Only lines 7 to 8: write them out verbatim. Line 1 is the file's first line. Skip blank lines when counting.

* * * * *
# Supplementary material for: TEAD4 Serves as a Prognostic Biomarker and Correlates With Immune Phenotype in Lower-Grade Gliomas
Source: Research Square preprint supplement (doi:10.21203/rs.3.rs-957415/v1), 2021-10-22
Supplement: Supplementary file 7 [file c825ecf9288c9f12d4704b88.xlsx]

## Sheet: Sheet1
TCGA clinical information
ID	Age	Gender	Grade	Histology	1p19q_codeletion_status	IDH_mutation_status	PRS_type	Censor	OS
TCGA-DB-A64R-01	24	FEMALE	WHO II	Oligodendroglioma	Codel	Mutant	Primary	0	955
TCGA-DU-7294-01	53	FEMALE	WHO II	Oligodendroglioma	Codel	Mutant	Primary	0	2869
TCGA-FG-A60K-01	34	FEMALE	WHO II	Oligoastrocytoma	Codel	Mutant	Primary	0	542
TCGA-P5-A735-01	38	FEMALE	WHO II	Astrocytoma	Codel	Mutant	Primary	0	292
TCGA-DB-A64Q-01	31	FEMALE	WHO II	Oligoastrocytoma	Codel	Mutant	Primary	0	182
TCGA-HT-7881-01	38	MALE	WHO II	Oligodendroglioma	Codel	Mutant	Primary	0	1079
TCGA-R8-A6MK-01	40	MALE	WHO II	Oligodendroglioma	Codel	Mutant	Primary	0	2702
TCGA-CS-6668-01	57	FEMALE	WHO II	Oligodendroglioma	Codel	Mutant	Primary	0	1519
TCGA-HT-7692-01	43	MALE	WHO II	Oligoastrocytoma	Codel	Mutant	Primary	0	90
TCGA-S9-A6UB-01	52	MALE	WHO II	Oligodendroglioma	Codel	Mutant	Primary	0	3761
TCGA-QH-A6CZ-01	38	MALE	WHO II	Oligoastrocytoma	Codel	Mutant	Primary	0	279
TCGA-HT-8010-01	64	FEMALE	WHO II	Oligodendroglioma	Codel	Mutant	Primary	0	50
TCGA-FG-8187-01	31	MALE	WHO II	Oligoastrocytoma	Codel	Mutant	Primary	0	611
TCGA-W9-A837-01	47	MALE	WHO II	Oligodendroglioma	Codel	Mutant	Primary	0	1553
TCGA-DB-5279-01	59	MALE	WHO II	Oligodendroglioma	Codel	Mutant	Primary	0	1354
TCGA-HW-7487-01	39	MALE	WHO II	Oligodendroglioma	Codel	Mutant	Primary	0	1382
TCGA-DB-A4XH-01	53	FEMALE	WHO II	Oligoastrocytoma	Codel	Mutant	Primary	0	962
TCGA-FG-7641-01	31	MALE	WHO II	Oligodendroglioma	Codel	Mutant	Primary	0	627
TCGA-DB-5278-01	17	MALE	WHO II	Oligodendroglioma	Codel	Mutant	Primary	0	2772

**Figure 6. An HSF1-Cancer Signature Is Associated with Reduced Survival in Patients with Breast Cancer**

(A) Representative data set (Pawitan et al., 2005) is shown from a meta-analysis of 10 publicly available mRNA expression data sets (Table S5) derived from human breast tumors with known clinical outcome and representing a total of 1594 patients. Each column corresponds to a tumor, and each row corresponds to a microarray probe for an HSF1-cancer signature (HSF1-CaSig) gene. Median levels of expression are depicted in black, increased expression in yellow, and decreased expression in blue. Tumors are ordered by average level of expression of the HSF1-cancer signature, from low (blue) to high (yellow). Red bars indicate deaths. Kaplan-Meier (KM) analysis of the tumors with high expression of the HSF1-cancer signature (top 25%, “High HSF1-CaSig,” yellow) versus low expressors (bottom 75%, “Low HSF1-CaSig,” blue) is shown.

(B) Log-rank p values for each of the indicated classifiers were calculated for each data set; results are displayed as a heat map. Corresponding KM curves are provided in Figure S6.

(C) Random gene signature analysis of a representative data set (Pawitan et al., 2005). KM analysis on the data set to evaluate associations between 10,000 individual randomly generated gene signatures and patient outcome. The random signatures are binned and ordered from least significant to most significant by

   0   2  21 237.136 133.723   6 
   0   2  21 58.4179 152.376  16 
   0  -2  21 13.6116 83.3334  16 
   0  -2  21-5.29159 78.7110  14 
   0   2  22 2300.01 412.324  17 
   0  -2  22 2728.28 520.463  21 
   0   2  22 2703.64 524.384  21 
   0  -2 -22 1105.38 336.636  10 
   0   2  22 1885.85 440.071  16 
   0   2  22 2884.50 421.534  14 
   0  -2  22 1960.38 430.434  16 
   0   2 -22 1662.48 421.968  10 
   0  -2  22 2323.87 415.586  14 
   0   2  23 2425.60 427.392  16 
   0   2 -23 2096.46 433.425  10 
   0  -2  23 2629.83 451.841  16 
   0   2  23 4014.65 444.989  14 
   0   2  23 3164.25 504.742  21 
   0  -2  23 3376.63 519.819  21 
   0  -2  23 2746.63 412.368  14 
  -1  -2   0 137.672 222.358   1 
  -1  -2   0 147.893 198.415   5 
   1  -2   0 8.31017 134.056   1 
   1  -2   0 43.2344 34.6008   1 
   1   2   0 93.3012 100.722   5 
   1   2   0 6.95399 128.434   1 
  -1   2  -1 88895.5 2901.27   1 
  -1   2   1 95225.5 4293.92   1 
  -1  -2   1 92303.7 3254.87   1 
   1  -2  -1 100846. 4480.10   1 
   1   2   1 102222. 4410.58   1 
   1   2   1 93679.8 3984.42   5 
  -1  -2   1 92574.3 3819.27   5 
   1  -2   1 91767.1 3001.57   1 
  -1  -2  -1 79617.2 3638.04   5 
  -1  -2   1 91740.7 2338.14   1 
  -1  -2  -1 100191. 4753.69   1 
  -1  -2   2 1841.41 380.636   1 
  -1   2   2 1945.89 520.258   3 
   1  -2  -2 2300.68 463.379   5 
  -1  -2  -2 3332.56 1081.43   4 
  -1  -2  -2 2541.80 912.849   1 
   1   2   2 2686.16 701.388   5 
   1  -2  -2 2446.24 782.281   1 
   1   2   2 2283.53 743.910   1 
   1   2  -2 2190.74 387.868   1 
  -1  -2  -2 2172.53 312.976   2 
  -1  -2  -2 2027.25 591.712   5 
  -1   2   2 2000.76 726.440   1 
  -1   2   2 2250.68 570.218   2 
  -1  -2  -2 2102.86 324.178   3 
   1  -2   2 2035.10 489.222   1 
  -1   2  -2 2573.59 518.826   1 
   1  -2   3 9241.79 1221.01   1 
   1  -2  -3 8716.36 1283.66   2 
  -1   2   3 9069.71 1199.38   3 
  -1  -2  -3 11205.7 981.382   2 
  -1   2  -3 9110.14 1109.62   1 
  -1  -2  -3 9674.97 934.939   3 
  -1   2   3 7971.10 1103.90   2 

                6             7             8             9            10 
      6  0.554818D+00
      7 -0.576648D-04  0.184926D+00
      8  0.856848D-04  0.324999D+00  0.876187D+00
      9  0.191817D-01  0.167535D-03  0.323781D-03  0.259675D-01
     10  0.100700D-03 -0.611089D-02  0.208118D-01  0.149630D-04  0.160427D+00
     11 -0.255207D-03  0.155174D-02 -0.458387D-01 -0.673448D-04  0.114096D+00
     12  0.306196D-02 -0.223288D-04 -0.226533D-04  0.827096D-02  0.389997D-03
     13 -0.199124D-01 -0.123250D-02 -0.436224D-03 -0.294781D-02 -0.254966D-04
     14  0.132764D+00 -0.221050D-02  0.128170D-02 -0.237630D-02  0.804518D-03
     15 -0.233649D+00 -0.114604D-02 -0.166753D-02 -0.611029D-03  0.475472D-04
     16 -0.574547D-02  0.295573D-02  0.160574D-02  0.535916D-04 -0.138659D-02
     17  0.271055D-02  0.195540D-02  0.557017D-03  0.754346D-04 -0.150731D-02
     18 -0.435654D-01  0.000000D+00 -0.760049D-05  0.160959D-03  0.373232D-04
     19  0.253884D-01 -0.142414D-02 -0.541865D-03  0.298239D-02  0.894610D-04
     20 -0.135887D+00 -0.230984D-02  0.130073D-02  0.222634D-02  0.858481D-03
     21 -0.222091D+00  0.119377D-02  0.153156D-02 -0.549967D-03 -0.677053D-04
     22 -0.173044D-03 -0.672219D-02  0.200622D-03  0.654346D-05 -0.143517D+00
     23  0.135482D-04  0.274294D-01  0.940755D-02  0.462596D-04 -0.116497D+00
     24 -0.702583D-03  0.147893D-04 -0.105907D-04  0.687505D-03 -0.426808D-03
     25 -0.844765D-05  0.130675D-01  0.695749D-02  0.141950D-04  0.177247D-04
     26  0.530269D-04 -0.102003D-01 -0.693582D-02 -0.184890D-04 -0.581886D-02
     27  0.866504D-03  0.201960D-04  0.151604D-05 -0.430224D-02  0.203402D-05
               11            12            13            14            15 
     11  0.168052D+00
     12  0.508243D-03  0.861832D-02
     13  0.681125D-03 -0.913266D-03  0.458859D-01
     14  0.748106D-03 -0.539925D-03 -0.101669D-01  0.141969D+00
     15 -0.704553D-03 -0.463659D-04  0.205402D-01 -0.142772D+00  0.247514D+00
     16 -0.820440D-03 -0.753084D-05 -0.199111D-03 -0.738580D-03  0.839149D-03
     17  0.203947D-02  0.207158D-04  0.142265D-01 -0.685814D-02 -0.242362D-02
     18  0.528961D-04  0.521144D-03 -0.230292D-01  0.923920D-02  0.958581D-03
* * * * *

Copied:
TCGA-DB-A64R-01	24	FEMALE	WHO II	Oligodendroglioma	Codel	Mutant	Primary	0	955
TCGA-DU-7294-01	53	FEMALE	WHO II	Oligodendroglioma	Codel	Mutant	Primary	0	2869